Clove

Cloves (Syzygium aromaticum) are the dried flower buds of a large evergreen tree in the myrtle family. Cloves have been used as a spice since antiquity, with the ancient Romans and ancient Chinese both valuing their flavor. Cloves are native to the Maluku Islands in Indonesia, but are now grown in Eastern Africa and Madagscar. 

The name clove comes from the Latin clavus, which means nail. The spice is shaped quite like a nail, and has an intense, warm spicy aroma and flavor, which mainly comes from eugenol. Eugenol, while toxic in surprisingly small doses, can be used as a dental anesthetic and to treat acne.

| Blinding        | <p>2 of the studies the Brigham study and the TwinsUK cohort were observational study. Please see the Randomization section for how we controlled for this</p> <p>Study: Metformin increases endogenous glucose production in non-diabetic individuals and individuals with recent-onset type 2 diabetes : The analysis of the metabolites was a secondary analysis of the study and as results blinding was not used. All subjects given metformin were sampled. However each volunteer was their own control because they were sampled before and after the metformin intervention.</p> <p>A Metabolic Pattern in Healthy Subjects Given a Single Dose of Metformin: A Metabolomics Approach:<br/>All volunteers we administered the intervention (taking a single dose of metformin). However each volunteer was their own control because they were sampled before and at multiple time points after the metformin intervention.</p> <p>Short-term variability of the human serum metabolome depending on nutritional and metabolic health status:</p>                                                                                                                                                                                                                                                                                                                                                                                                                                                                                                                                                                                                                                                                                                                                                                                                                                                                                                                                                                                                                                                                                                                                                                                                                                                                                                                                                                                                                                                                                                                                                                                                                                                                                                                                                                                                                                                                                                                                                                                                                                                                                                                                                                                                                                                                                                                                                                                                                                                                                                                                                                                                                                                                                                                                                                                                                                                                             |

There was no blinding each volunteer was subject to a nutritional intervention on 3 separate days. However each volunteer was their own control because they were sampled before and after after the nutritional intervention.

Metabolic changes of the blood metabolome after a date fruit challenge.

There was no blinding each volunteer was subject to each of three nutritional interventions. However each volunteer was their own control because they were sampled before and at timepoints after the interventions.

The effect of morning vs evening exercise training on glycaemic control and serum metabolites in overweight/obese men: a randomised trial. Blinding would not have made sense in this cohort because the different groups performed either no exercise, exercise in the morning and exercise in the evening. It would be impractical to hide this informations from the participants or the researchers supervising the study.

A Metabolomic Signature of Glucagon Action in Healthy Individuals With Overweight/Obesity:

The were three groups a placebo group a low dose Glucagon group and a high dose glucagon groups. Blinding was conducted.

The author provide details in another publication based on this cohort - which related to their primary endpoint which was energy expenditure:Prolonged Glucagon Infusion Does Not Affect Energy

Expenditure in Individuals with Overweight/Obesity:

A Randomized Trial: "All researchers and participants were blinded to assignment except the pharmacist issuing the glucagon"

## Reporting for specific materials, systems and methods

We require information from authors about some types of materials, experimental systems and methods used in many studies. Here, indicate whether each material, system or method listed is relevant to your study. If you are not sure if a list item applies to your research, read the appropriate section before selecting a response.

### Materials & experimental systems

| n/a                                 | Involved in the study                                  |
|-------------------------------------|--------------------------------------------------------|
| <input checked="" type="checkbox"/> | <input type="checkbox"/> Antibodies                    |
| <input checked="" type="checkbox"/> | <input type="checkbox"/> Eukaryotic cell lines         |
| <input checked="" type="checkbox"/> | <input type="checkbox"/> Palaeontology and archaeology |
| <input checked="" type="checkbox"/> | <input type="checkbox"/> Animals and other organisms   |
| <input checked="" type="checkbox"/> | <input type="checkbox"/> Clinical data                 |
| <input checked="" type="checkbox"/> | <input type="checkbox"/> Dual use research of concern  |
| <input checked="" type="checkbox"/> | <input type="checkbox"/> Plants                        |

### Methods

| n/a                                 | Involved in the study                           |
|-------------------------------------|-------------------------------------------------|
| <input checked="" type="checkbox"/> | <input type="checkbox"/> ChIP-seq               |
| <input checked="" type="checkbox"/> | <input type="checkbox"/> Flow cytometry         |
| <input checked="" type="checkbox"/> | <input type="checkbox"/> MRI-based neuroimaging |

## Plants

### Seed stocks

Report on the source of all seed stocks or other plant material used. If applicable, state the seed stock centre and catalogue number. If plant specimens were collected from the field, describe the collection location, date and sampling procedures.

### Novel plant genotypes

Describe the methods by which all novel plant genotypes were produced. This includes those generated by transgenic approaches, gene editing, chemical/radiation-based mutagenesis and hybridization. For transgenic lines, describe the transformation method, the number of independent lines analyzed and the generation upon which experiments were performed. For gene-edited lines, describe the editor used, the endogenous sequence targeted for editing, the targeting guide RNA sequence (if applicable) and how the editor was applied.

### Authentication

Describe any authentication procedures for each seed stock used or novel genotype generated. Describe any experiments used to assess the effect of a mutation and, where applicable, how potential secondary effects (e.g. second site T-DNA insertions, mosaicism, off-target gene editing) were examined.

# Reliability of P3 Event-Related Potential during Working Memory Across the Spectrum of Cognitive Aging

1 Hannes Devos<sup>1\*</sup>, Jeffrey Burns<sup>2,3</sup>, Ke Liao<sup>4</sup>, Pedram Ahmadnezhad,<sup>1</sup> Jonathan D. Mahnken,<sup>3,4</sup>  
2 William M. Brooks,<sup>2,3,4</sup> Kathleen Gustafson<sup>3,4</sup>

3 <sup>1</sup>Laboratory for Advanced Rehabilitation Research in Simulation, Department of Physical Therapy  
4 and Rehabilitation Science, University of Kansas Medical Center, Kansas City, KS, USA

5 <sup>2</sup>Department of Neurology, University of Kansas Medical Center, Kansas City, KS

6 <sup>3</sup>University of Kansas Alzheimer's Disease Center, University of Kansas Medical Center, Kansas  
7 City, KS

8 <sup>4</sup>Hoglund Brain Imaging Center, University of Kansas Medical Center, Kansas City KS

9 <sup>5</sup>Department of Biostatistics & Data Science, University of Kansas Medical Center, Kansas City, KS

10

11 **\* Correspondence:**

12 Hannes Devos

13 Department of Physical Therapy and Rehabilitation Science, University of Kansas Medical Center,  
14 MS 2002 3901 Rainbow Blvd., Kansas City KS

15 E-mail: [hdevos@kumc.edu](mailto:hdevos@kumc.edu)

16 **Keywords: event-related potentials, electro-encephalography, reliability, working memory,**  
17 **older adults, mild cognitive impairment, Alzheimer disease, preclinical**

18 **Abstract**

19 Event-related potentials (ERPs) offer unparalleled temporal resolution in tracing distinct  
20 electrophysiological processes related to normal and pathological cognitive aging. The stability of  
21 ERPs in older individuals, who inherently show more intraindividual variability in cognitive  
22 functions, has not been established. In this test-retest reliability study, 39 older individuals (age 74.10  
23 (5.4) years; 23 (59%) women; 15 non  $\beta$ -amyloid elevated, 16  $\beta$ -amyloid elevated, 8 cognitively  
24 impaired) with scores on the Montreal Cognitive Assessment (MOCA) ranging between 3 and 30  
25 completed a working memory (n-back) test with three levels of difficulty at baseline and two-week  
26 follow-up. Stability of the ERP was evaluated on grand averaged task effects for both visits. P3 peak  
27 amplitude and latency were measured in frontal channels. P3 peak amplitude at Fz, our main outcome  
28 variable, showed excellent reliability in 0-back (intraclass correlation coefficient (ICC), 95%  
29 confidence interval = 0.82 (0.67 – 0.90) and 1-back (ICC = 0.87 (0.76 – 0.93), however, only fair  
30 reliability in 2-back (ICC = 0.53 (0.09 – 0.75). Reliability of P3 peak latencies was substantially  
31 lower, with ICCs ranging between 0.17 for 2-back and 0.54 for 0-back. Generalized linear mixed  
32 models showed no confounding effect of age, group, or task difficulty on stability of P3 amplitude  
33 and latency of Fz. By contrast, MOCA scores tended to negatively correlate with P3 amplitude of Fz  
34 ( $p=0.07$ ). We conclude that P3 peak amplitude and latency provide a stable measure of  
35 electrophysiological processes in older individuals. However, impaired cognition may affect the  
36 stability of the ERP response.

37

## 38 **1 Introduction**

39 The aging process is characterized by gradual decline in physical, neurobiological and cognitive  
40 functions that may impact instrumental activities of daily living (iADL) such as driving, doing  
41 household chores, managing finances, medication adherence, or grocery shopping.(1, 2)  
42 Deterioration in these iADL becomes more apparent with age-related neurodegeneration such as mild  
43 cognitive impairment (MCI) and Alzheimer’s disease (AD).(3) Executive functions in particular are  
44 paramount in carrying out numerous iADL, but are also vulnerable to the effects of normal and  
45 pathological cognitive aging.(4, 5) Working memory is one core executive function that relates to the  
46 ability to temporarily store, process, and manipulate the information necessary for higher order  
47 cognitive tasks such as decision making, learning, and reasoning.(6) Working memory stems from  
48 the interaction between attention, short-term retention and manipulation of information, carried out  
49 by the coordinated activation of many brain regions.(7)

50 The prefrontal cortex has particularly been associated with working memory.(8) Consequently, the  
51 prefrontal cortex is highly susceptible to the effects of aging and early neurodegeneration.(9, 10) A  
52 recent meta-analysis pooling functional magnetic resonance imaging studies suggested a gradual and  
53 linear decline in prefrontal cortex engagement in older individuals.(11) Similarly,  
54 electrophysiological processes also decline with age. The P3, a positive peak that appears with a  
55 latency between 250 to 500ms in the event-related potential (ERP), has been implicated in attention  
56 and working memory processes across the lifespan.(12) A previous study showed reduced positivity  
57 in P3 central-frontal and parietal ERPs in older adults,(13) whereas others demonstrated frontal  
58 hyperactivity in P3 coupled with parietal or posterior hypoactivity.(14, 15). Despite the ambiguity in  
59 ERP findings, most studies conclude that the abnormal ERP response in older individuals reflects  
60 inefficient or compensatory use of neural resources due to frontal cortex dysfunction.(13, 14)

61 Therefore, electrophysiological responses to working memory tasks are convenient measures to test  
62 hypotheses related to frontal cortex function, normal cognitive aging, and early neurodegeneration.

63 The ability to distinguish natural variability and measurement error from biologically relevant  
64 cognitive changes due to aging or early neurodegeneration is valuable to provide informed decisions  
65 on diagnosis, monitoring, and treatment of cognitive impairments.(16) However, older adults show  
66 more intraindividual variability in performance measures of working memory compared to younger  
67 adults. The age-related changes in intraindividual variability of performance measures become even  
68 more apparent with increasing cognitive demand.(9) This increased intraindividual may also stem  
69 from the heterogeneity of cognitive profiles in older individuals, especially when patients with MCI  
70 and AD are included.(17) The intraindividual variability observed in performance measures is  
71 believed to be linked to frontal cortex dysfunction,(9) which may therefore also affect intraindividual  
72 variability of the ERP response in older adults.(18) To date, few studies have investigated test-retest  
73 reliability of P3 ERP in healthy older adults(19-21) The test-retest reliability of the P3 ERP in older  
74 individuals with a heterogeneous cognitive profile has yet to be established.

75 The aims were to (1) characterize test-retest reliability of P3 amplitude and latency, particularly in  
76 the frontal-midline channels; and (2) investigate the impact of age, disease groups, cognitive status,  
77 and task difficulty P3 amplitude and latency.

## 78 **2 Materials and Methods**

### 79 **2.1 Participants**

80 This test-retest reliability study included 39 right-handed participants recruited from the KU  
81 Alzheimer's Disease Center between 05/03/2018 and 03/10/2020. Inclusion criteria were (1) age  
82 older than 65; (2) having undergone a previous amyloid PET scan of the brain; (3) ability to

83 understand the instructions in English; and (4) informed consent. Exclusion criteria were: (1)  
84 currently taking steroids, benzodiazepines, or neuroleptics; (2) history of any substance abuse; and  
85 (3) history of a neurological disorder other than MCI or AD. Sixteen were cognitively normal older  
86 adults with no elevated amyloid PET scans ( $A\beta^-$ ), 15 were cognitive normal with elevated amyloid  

Cloves have historically been an expensive spice. The rarity and price of cloves and other spices drove a great age of oceanic exploration in the 15th and 16tn century, though in 17th and 18th century England, they were worth their weight in gold. In 1770, the French were successful in planting clove trees on the island of Mauritus, and from there, Madagascar, eastern Africa, and the West Indies. 

Cloves figure heavily into Indian cuisines, but are especially beloved there as a primary addition to chai. In Vietnam, cloves are a flavoring agent in pho. The Dutch use them in baking and in some stews. In the United States, cloves are used to stud hams during the holidays and for holiday baking. Some people also use whole cloves to make pomanders, which are whole oranges studded with cloves and left to dry. 

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